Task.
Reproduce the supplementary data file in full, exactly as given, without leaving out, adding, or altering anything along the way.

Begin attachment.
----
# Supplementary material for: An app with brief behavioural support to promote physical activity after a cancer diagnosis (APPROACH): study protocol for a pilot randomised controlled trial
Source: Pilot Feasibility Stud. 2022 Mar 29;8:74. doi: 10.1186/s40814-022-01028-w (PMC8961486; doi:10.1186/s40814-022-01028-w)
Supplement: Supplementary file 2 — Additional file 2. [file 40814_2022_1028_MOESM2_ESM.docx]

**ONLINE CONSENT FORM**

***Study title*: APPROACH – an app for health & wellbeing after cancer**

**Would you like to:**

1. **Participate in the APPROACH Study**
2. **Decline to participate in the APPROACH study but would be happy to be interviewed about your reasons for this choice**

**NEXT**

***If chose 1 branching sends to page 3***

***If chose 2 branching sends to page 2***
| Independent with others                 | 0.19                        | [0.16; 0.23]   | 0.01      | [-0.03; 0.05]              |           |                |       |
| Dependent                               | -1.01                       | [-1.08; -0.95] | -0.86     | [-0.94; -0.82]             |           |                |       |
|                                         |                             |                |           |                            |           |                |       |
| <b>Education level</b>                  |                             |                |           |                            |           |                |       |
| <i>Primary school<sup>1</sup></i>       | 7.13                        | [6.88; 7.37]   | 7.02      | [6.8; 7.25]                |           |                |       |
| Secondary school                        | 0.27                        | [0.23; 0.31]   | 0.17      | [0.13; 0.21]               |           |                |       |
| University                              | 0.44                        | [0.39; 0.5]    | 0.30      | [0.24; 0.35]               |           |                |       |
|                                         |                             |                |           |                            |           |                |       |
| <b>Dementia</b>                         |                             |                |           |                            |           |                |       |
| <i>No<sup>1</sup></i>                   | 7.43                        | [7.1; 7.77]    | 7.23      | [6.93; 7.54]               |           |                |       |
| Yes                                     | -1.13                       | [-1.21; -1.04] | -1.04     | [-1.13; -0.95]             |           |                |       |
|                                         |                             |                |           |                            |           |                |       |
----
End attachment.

# Supplementary material for: An app with brief behavioural support to promote physical activity after a cancer diagnosis (APPROACH): study protocol for a pilot randomised controlled trial
Source: Pilot Feasibility Stud. 2022 Mar 29;8:74. doi: 10.1186/s40814-022-01028-w (PMC8961486; doi:10.1186/s40814-022-01028-w)
Supplement: Supplementary file 2 — Additional file 2. [file 40814_2022_1028_MOESM2_ESM.docx]

**ONLINE CONSENT FORM**

***Study title*: APPROACH – an app for health & wellbeing after cancer**

**Would you like to:**

1. **Participate in the APPROACH Study**
2. **Decline to participate in the APPROACH study but would be happy to be interviewed about your reasons for this choice**

**NEXT**

***If chose 1 branching sends to page 3***

***If chose 2 branching sends to page 2***
| Independent with others                 | 0.19                        | [0.16; 0.23]   | 0.01      | [-0.03; 0.05]              |           |                |       |
| Dependent                               | -1.01                       | [-1.08; -0.95] | -0.86     | [-0.94; -0.82]             |           |                |       |
|                                         |                             |                |           |                            |           |                |       |
| <b>Education level</b>                  |                             |                |           |                            |           |                |       |
| <i>Primary school<sup>1</sup></i>       | 7.13                        | [6.88; 7.37]   | 7.02      | [6.8; 7.25]                |           |                |       |
| Secondary school                        | 0.27                        | [0.23; 0.31]   | 0.17      | [0.13; 0.21]               |           |                |       |
| University                              | 0.44                        | [0.39; 0.5]    | 0.30      | [0.24; 0.35]               |           |                |       |
|                                         |                             |                |           |                            |           |                |       |
| <b>Dementia</b>                         |                             |                |           |                            |           |                |       |
| <i>No<sup>1</sup></i>                   | 7.43                        | [7.1; 7.77]    | 7.23      | [6.93; 7.54]               |           |                |       |
| Yes                                     | -1.13                       | [-1.21; -1.04] | -1.04     | [-1.13; -0.95]             |           |                |       |
|                                         |                             |                |           |                            |           |                |       |